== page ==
Samsung and LG (lgcey) recently rolled out their latest smartphones, the Galaxy S7 and the G5, respectively. Outside of touting the respective specifications of both smartphones, each company announced a 360-degree camera.
As its name implies, a 360-degree is capable of recording video and capturing photos of your entire surroundings with a single press of the button.
The end result is a spherical recreation, viewable using a virtual reality headset such as Samsung’s (ssnlf) Gear VR or LG’s soon-to-be-released 360 VR.
With neither camera available quite yet, I was curious: Are 360-degree cameras merely a gimmick, a fun-looking accessory with little utility? Or will 360-degree cameras soon become the standard for capturing family gatherings, selfies with celebrities, and our Sunday brunches?
To find out, I spent the last week experimenting and using a 360-degree camera, the Ricoh Theta S.
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The Theta S has a slender, TV remote-like layout broken up by two bumps near the top of the device. Under each bump is a 12-megapixel camera, capable of capturing 180-degree videos or photos. Blue and red status lights blink on the front of the camera, just below the shutter button. On the right side, you’ll find three buttons, each one serving a specific function: controlling power, Wi-Fi, and toggling between photo and video modes.
Taking a photos with the Theta S is simple. Power it on and press the shutter button. A familiar shutter sound is played through the speaker found on the top of the camera when the photo is taken. Recording a video is done in a similar fashion, requiring you to change capture modes. You can quickly and easily view the current capture mode as well as the status of the device’s own Wi-Fi connection thanks to corresponding status lights.
The Theta S houses eight gigabytes of internal storage, but it isn’t expandable. Syncing and charging the Theta S is done through a microUSB port on the bottom of the camera.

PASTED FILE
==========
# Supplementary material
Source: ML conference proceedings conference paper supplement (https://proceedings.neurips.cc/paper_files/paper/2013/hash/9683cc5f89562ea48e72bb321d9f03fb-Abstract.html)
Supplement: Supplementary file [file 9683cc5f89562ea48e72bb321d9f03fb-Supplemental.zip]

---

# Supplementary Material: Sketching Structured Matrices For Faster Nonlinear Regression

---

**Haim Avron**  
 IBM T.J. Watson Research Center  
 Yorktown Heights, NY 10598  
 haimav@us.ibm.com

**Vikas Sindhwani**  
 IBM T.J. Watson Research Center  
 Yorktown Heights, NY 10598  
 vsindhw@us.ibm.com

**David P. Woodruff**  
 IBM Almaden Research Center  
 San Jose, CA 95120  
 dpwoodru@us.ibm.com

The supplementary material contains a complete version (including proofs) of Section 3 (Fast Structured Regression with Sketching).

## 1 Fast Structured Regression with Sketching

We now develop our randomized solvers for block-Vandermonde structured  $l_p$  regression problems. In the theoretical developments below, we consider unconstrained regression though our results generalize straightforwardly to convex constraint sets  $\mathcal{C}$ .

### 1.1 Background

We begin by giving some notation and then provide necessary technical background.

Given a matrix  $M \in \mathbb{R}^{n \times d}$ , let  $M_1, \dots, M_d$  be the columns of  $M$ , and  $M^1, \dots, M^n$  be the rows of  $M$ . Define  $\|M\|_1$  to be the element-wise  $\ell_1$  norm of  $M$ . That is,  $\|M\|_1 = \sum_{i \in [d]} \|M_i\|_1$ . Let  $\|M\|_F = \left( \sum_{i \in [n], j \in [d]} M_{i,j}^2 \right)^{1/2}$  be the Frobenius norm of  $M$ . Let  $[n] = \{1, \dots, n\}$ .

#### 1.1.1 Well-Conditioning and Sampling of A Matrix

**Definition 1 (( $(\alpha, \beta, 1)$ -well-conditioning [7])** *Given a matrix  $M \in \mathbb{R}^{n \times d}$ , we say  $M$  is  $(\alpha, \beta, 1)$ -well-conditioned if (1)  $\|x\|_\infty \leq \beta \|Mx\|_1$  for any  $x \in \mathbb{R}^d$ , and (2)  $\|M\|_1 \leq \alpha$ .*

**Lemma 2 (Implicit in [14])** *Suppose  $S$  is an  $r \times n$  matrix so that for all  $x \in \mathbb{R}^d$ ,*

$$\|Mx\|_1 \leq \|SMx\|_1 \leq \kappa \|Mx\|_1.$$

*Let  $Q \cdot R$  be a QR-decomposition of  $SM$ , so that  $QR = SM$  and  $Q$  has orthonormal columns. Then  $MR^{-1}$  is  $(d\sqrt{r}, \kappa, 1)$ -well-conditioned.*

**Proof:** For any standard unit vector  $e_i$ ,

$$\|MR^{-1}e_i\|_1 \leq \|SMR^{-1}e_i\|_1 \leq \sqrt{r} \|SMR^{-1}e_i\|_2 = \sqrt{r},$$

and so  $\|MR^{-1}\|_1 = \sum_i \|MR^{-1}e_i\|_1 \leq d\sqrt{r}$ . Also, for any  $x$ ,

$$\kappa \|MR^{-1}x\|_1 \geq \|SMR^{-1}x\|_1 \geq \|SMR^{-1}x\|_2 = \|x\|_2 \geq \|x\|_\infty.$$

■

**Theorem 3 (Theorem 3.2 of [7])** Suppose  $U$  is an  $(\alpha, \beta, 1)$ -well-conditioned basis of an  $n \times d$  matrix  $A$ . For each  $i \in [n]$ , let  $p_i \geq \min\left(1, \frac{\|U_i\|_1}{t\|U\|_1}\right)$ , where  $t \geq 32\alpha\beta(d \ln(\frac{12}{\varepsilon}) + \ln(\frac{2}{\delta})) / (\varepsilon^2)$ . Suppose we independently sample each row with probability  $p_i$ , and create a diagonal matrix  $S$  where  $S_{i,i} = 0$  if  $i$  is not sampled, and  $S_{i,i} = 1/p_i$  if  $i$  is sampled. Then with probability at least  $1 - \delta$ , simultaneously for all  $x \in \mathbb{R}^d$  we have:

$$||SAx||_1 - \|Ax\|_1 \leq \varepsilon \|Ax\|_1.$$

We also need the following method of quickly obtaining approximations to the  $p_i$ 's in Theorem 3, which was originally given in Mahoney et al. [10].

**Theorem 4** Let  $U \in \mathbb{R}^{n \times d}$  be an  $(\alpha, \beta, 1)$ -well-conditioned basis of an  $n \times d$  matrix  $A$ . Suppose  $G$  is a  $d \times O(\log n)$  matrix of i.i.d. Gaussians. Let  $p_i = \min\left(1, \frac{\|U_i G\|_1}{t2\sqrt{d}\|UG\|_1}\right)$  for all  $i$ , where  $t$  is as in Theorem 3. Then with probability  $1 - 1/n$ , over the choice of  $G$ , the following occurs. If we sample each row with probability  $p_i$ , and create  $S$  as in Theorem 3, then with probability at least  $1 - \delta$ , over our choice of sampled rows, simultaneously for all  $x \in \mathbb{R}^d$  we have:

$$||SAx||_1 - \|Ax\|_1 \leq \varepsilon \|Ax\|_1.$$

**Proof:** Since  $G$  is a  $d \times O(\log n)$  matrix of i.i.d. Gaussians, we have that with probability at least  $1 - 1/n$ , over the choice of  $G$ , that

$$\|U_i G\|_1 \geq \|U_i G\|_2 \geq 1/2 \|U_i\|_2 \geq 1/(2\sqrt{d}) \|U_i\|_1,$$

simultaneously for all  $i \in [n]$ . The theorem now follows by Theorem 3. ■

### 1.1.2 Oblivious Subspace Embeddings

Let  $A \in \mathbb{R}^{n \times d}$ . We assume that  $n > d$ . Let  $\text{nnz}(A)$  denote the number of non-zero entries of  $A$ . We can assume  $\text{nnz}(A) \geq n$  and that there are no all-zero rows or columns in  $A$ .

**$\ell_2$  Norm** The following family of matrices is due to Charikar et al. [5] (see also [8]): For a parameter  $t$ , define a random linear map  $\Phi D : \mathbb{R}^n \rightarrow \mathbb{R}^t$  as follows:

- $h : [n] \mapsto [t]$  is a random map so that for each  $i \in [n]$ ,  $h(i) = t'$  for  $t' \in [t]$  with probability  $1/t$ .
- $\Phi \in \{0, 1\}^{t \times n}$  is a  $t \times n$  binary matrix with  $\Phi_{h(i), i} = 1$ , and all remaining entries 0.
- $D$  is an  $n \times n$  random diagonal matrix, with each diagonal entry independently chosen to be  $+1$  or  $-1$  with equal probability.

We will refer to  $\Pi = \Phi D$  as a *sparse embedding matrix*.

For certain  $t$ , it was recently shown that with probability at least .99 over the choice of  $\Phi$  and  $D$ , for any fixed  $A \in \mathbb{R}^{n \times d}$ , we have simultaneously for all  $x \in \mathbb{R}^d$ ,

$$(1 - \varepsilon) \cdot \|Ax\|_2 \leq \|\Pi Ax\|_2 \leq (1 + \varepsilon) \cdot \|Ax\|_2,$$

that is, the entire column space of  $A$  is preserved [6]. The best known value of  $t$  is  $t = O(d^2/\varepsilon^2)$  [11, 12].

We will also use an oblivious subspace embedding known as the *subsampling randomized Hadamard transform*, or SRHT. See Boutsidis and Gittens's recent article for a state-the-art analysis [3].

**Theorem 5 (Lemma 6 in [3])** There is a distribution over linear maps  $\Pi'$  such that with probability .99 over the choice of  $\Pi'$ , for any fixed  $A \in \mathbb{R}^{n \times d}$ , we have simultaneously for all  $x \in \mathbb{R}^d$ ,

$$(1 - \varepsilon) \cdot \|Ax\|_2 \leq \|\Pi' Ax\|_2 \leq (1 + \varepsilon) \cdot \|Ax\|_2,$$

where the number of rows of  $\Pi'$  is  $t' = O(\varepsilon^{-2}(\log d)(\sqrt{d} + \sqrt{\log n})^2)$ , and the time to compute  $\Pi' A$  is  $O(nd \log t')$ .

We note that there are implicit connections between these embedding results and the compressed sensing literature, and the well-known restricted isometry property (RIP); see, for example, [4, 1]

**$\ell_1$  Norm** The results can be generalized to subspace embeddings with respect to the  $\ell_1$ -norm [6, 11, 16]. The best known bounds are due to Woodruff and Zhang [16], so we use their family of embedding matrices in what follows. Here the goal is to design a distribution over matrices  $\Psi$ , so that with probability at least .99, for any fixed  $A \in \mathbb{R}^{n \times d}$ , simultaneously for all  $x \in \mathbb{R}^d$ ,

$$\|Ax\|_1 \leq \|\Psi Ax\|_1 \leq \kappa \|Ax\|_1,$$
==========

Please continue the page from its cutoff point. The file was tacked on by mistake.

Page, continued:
For the most part, the Theta S does exactly what it promises. It captures decent photos and videos, in spherical form, with ease. There’s no fussing with fancy setups or multiple pieces of equipment.
All of the magic, so to speak, of combining the two photos and videos together into one big, interactive file is done via software. You can sync the camera to an iOS or Android device and use one of the three different applications to control the camera, view photos, or edit your video. Likewise, there’s a simple app for PC or Mac that will convert the otherwise flat files into something that can be shared.
As great as all of that sounds, the current sharing options are incredibly limited. If you want to share a 360-degree video, allowing viewers to click or pan in any direction, you’re limited to Facebook (fb) or YouTube (googl). For its part, Ricoh offers its own website that makes sharing interactive photos possible to places such as Twitter (twtr), Facebook, or even Tumblr.
For example, you can view one photo I uploaded to the Theta360 website. Click or drag your mouse from side to side, up and down, and view my office, complete with a grumpy dog. Uploading your photos and videos to the specialized website takes care of only one part of the problem.
Say you take a photo and want to share it to Instagram, you’re going to be disappointed. Right now, options are limited to cropping a weird, circular section of the photo (like this) or posting a flattened version of the photo that is full of distortion and abnormalities, such as those in this photo.
Notice how my arm is on the right side of the photo, but also the left side? Without proper software support, the photos and videos captured with a 360-degree camera aren’t all that impressive.
For more on virtual reality, watch:
Being discouraged over the lack of easy sharing options, I think, will be a sentiment of any 360-degree camera manufacturer and owner for the foreseeable future.
When you are able to capture a video worth sharing, like dyeing Easter eggs with your kids, sharing that video with family members is something special. This past week I captured one such video, and it was a hit. Those who viewed the video were able to hold up their phone and physically move the phone to change what they were seeing; much in the same way if they were wearing a VR headset.
The experience of dyeing Easter eggs was something not only I enjoyed sharing, but something that put smiles on the faces of family members who live out-of-town the moment they started watching. Sure, a more traditional video would likely have done the same. They’re my family, and the love my kids, after all. But the experience made them feel as if they were at the table with us. I guess that’s what the big draw to virtual reality is as a whole, right? Make you feel like you’re somewhere you’re not. And the Theta S provides a streamlined method for creating those experiences.
At $350, the Theta S isn’t cheap. It’s not something you’re going to go out and buy, nor would I recommend the average person buy it at the moment. It’s not Ricoh’s fault, and it certainly won’t be Samsung’s or LG’s faults when they inevitably suffer from the same roadblocks. Sharing 360-degree images or videos just isn’t easy right now, and that’s unfortunate.
Right now, 360-degree cameras are more novelty than must-have gadget. A novelty, however, that’s sure to gain traction as more technology companies begin experimenting with the new medium.